Second Timothy 3.14-17

[This is part of a running series on translating Second Timothy. See the introductory post for more information — RB] 

Phrasing/Translation: 2Ti 3.14-17

14 Σὺ δὲ μένε
14 But you remain
    ἐν οἷς ἔμαθες καὶ ἐπιστώθης,
    in what you learned and became convinced of,
    εἰδὼς παρὰ τίνων ἔμαθες,
    knowing from whom you learned,
    15 καὶ ὅτι
    15 that
        ἀπὸ βρέφους [τὰ] ἱερὰ γράμματα οἶδας,
        from infancy you knew the sacred writings,
            τὰ δυνάμενά σε σοφίσαι
            which are able to make you wise
                εἰς σωτηρίαν
                into salvation 
                    διὰ πίστεως 
                    through faith 
                        τῆς ἐν Χριστῷ Ἰησοῦ. 
                        which is in Christ Jesus.

16 πᾶσα γραφὴ θεόπνευστος καὶ ὠφέλιμος
16 All scripture is breathed out by God and useful
    πρὸς διδασκαλίαν,
    for teaching,
    πρὸς ἐλεγμόν,
    for rebuke,
    πρὸς ἐπανόρθωσιν,
    for improvement,
    πρὸς παιδείαν
    for training
        τὴν ἐν δικαιοσύνῃ,
        which is in righteousness,
    17 ἵνα ἄρτιος ᾖ ὁ τοῦ θεοῦ ἄνθρωπος,
    17 so that the man of God might be capable,
        πρὸς πᾶν ἔργον ἀγαθὸν ἐξηρτισμένος.
        having been equipped for all good work.

Comments

The unit is 2Ti 3.10-17. NA27 insert a subparagraph break after 2Ti 3.13, which was a decent point to break the section for posting. See Second Timothy 3.10-13 for previous section.

Verse 14

Σὺ δὲ μένε] again, note the superfluous Σὺ (cf. v. 10 in previous post) which serves to bring Timothy back into focus. Note also the imperative verb.

ἐν οἷς ἔμαθες καὶ ἐπιστώθης] prepositional phrase, modifying the imperative verb. Specifies the content of what Timothy is to remain in. The two finite verbs in the prepositional phrase agree in everything but voice (the first active voice, the second passive). These provide the bounds of understanding the relative pronoun: “in what you learned and became convinced of”.

εἰδὼς παρὰ τίνων ἔμαθες] Note repetition of verb ἔμαθες; it adverbially modifies imperative verb; εἰδὼς is further modified by the prepositional phrase. Paul has covered the basics in Timothy’s learning, not only reminding him of what he’s learned but the examples he’s learned from (Paul, and Lois and Eunice, among others — the pronoun is plural here).

Verse 15

καὶ ὅτι] This clause is provides further modification to εἰδὼς (cf. Marshall ICC 788).

ἀπὸ βρέφους [τὰ] ἱερὰ γράμματα οἶδας] The prepositional phrase is fronted in the clause creating a temporal frame. Paul is stressing not only the content of Timothy’s knowledge of the truth, but the duration. He’s known this stuff since he was knee-high to a grasshopper.

τὰ δυνάμενά σε σοφίσαι] Participial clause, providing purpose of the sacred writings. Note again the articular, substantive participle + infinitive structure.

εἰς σωτηρίαν] prepositional phrase, modifying the previous clause, showing the end of “being made wise”.

διὰ πίστεως] prepositional phrase. This could be modifying the previous prepositional object or, as the previous prepositional phrase, modifying the verbal idea of the previous clause. Most see it as the former, though OpenText.org annotate it as the latter. Paul uses this prepositional phrase 12 times (Ro 3.22, 30, 31; 2Co 5.7; Ga 2.16; 3.14, 26; Eph 2.8; 3.12, 17; Co 2.12; 2Ti 3.15) and it evokes the image of “salvation through faith” in Eph 2.8. It seems reasonable to see this prepositional phrase modifying the previous prepositional object.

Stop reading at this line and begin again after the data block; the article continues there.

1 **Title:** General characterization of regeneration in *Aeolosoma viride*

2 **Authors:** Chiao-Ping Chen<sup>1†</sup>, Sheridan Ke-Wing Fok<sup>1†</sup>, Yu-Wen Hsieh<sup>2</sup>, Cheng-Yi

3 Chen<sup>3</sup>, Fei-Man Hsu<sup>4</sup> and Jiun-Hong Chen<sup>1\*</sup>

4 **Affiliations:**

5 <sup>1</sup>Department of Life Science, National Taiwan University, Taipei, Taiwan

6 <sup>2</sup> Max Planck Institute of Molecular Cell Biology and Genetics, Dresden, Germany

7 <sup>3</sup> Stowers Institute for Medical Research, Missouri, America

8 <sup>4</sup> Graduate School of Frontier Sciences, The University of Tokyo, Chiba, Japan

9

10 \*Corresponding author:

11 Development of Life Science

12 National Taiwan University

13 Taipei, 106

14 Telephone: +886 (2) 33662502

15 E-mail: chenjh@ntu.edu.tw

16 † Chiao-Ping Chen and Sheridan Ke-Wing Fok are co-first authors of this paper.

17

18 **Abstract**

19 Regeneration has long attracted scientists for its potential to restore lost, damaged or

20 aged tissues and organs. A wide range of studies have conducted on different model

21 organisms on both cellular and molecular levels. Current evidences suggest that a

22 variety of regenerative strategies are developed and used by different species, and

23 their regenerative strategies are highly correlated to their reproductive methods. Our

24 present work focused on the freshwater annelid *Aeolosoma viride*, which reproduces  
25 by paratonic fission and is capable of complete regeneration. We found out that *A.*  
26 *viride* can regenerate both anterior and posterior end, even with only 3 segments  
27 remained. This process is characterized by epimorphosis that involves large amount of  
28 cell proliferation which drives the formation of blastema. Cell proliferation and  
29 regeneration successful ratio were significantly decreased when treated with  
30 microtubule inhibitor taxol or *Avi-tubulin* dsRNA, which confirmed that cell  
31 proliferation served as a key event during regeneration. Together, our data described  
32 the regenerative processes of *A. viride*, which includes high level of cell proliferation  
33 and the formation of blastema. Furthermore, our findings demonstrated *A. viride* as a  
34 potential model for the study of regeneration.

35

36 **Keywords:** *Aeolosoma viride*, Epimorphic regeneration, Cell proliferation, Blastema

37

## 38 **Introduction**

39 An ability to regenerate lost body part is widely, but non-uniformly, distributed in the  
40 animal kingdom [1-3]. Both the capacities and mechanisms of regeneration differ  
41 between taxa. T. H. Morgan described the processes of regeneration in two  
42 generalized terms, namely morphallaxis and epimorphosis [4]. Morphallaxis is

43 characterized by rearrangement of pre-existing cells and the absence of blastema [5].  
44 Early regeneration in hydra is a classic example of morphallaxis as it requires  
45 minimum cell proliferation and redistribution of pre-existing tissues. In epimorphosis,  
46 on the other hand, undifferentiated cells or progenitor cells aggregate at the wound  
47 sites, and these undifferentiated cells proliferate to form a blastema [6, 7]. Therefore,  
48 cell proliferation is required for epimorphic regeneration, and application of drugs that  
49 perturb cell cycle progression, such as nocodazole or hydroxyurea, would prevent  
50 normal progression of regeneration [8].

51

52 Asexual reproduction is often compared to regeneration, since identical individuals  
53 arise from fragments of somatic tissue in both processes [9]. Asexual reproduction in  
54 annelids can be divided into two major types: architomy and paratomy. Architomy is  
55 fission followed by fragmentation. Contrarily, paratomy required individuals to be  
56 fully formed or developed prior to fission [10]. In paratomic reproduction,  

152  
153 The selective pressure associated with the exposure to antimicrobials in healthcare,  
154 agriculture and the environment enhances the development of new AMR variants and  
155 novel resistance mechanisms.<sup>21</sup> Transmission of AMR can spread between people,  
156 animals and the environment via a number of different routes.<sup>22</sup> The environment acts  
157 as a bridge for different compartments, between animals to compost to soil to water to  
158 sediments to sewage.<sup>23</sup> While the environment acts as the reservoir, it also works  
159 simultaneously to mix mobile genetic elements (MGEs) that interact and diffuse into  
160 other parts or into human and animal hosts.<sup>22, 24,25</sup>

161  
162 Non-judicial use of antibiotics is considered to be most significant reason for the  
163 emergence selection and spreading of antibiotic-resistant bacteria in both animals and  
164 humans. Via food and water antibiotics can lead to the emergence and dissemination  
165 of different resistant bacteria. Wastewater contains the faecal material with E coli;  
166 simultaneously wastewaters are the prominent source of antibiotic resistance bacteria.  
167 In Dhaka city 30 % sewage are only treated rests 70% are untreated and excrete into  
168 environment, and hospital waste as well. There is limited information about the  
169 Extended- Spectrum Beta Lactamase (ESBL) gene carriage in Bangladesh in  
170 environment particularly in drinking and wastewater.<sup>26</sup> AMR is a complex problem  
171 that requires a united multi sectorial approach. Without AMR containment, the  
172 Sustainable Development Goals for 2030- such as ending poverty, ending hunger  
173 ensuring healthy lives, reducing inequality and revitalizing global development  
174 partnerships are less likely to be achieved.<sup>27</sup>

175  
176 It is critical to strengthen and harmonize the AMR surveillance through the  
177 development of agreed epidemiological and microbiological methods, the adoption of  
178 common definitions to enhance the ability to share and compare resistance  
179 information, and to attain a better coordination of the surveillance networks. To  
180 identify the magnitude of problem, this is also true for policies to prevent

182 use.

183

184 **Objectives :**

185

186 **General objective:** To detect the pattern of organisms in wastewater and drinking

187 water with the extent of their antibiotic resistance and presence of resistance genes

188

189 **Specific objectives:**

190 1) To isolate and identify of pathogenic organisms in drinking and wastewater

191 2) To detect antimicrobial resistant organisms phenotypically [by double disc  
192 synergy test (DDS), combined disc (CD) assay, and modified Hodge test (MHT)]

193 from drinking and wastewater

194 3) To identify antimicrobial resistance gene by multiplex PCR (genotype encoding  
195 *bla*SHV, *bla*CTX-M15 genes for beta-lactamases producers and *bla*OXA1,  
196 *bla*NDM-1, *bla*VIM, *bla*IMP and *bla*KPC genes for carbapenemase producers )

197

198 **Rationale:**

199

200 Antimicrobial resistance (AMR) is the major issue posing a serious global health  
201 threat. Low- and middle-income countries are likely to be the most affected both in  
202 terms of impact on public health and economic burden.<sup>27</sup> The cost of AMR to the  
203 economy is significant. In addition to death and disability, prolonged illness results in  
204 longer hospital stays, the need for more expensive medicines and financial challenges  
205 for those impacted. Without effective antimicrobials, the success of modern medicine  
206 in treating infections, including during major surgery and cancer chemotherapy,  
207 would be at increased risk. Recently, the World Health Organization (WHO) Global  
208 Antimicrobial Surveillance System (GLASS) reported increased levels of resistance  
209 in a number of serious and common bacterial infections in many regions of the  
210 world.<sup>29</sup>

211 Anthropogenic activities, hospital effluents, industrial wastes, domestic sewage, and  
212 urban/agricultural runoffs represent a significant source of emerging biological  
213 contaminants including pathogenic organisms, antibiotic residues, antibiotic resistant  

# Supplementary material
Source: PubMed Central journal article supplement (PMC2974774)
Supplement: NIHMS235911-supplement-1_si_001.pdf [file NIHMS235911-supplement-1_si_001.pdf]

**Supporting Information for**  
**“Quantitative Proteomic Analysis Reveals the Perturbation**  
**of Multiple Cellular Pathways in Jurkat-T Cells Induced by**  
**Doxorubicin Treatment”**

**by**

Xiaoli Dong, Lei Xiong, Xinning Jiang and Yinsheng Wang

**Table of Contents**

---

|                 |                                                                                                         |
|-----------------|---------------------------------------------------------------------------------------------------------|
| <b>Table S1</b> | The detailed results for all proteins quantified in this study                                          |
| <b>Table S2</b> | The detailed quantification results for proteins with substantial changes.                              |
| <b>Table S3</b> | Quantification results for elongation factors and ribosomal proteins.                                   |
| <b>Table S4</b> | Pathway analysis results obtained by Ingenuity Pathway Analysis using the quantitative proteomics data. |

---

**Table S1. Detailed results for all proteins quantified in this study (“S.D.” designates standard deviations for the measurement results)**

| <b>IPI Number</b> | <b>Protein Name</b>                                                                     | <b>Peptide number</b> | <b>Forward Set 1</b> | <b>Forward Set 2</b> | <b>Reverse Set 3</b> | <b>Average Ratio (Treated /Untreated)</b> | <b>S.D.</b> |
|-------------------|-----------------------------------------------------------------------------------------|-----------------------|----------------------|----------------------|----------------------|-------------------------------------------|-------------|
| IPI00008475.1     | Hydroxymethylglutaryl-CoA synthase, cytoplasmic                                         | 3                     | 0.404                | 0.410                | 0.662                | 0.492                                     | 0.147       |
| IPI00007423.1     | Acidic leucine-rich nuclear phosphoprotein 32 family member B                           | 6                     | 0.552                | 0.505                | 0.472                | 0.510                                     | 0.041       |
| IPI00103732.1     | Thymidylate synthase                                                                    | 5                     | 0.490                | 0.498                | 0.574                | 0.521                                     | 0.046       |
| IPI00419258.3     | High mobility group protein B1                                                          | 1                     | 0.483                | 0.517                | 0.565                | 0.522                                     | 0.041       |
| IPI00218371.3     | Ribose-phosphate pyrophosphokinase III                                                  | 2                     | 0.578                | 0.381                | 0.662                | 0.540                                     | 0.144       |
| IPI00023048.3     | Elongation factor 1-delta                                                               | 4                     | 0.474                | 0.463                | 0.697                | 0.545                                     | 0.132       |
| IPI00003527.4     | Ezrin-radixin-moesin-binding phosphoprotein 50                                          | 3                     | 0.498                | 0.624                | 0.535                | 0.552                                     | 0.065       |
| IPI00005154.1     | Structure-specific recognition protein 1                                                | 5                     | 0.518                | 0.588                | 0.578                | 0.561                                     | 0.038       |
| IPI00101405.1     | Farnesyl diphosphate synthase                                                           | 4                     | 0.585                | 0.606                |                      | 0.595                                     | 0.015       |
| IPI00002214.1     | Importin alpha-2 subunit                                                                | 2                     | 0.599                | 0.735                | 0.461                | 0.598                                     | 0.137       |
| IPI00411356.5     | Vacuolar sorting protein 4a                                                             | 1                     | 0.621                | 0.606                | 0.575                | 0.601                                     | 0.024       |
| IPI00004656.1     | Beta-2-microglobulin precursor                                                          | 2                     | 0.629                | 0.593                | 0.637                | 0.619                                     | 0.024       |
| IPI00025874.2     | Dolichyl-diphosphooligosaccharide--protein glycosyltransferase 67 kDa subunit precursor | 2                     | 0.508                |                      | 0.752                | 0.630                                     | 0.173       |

τῆς ἐν Χριστῷ Ἰησοῦ] Here the article functions like a pronoun; the structure clarifies the source of the faith by use of the article with prepositional phrase.

Verse 16

πᾶσα γραφὴ θεόπνευστος καὶ ὠφέλιμος] The clause has no explicit verb, the verb “to be” (εστιν) is implied. The conjunction καὶ joins the two adjectives, θεόπνευστος and ὠφέλιμος, which agree in case, number and gender; θεόπνευστος καὶ ὠφέλιμος functioning as a predicate adjective structure. This attributes these qualities to the subject of the clause, “all Scripture/writings”. A series of four prepositional phrases follows; each providing some further information on how scripture can be helpful (ὠφέλιμος).

πρὸς διδασκαλίαν] prepositional phrase functioning adjectivally, modifying ὠφέλιμος. Scripture is helpful because it informs teaching.

πρὸς ἐλεγμόν] prepositional phrase functioning adjectivally, modifying ὠφέλιμος. Scripture is helpful because it rightly sheds light on those things worthy of rebuke.

πρὸς ἐπανόρθωσιν] prepositional phrase functioning adjectivally, modifying ὠφέλιμος. Scripture is helpful because it provides the basis of correction or improvement.

πρὸς παιδείαν] prepositional phrase functioning adjectivally, modifying ὠφέλιμος. Scripture is helpful for training.

τὴν ἐν δικαιοσύνῃ] Here the article functions like a relative pronoun, it is further modified by a prepositional phrase. This qualifies the training; it is not just any training, it is training which is in righteousness.

Verse 17

ἵνα ἄρτιος ᾖ ὁ τοῦ θεοῦ ἄνθρωπος] subordinate clause. From the perspective of traditional sentence diagramming, this is modifying the verb implied in v. 16 (εστιν). What is traditionally translated “the man of God” here is generic; ἄνθρωπος need not take an exclusively male referent.

πρὸς πᾶν ἔργον ἀγαθὸν ἐξηρτισμένος] participial clause with prepositional phrase modifying the participle. The prepositional phrase is fronted, marking it as the most important material in the clause. The whole structure modifies the primary verb in the subordinate clause ().

Comments

  1. Brian LePort says:

    I am just beginning to read through this blog and I appreciate the content that you all have posted here. Thanks for taking the time to share your work!

  2. Rick Brannan says:

    Thanks, Brian. Glad it’s helpful!

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